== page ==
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    Electromagnetic Compatibility (EMC)


    the EMC Directive differs from most other directives in that its primary requirement is protection of the electromagnetic spectrum rather then safety of the equipment.

    The vast majority of electrical products must comply, whether battery or mains powered. Exceptions include – but are not limited to – components and sub assemblies with no intrinsic function and products already covered by other directives (medical, military, automotive, some agricultural, transmitting and communications equipment).

    The Directive requires that products must not emit unwanted electromagnetic pollution (interference) and must be immune to a normal level of interference. Compliance with these requirements is usually demonstrated by testing to harmonized standards but testing is not mandatory and a manufacturer may choose provide a technical assessment for compliance as an alternative.



    The Directive is one of the widest in its application and all electrical products must comply whether they are mains or battery powered. The only exceptions are for components or sub assemblies with no intrinsic function (i.e. their use cannot be defined unless they are combined with other components) and certain electrical products and systems which are already covered by other directives. Examples of components which do not need to comply are plugs and sockets, capacitors, resistors and integrated circuits. More complex sub-assemblies such as power supplies, micro-controllers and cards for PC’s do have to comply. As a rule of thumb, if it possible to make meaningful EMC tests on a product then it needs to comply and be CE marked accordingly, unless it is covered by one of the specific exclusions.

    Products covered by a more specific directive which also contains EMC performance requirements are excluded from the scope of 2004/108/EC. For example medical devices, military equipment, road going vehicles and certain agricultural equipment are all excluded from the scope of the EMC Directive itself because they are subject to more specific directives containing equivalent EMC provisions.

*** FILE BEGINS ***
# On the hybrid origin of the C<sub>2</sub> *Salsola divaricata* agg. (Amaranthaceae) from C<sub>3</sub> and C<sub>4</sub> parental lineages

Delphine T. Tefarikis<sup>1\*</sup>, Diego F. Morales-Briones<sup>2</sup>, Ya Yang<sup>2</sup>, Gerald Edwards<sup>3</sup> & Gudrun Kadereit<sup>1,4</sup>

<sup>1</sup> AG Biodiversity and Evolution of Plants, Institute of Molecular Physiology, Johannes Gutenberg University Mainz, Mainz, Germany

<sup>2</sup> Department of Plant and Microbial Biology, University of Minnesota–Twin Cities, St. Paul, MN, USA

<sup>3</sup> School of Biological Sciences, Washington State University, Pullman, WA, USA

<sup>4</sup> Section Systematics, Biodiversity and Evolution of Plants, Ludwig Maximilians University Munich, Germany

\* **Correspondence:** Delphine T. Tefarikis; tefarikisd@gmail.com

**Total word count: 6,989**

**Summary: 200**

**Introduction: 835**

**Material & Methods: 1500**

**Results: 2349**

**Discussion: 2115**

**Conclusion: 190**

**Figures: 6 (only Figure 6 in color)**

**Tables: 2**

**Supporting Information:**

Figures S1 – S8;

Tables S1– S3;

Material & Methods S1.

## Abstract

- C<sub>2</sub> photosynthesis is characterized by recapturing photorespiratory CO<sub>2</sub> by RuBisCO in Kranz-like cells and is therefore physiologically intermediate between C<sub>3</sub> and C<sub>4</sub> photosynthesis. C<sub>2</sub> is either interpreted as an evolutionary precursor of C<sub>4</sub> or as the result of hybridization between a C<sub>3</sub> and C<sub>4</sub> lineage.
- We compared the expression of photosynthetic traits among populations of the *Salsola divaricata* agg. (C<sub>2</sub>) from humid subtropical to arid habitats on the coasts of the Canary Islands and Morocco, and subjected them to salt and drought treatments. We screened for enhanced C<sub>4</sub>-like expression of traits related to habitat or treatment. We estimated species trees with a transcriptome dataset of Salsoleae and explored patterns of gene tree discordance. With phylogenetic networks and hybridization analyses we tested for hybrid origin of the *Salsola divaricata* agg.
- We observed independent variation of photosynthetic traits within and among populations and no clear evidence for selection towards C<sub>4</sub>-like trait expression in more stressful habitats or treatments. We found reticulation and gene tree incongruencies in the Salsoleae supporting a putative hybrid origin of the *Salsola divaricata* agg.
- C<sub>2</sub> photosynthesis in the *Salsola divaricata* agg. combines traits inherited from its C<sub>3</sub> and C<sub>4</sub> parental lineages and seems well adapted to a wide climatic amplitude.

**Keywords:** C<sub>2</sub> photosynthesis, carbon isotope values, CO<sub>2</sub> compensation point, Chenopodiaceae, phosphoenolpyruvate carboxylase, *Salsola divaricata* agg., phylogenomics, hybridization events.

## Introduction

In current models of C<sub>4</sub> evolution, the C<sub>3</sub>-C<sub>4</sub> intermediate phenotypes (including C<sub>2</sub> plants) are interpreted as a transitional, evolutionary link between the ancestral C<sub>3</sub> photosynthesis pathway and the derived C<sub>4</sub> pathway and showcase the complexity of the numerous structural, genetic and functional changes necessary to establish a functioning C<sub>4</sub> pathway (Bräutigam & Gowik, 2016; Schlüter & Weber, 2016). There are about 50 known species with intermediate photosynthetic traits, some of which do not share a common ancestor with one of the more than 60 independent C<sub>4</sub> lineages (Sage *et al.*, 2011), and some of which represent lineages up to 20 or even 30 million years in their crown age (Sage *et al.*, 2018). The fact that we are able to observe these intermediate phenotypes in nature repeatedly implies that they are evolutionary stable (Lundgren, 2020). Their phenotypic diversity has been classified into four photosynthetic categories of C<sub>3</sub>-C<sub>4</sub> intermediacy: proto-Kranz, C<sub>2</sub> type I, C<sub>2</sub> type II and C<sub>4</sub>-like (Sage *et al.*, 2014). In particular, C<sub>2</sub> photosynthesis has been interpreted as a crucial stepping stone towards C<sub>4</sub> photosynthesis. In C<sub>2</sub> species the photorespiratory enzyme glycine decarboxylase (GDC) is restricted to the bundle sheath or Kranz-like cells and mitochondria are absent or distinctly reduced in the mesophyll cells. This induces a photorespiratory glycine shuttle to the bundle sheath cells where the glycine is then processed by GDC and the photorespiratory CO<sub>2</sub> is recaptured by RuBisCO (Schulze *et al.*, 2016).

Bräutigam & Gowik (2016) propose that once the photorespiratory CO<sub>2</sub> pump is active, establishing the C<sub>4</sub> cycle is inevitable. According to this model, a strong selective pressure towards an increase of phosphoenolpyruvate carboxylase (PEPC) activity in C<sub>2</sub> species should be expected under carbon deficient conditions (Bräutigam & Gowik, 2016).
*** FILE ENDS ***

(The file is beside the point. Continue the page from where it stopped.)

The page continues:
Fixed installations are excluded from some of the requirements of the Directive but must still meet the basic protection requirements as well as the requirements for technical documentation.

    Most communications apparatus is excluded from the scope of the EMC Directive, either wholly or in part, but instead comes under the scope of the R&TTE Directive.



    In essence the requirements of the Directive are very simple - it basically states that products must not emit unwanted electromagnetic pollution (interference) and, because there is a certain amount of electromagnetic pollution in the environment, that products must be immune to a reasonable amount of interference. The Directive itself gives no figures or guidelines on what the required level of emissions or immunity are, nor does it state the frequency band limits. This interpretation of the Directive's requirements is left to the standards that are used to demonstrate compliance with the Directive.

    In addition to these essential protection requirements, the Directive requires the manufacturer to compile technical documentation which shows that the essential requirements have been met, to put the CE logo on the product and to complete a Declaration of Conformity. Manufacturers must also identify themselves on the equipment and ensure that, where necessary, instructions are supplied to ensure that the use of the equipment meets the essential protection requirements.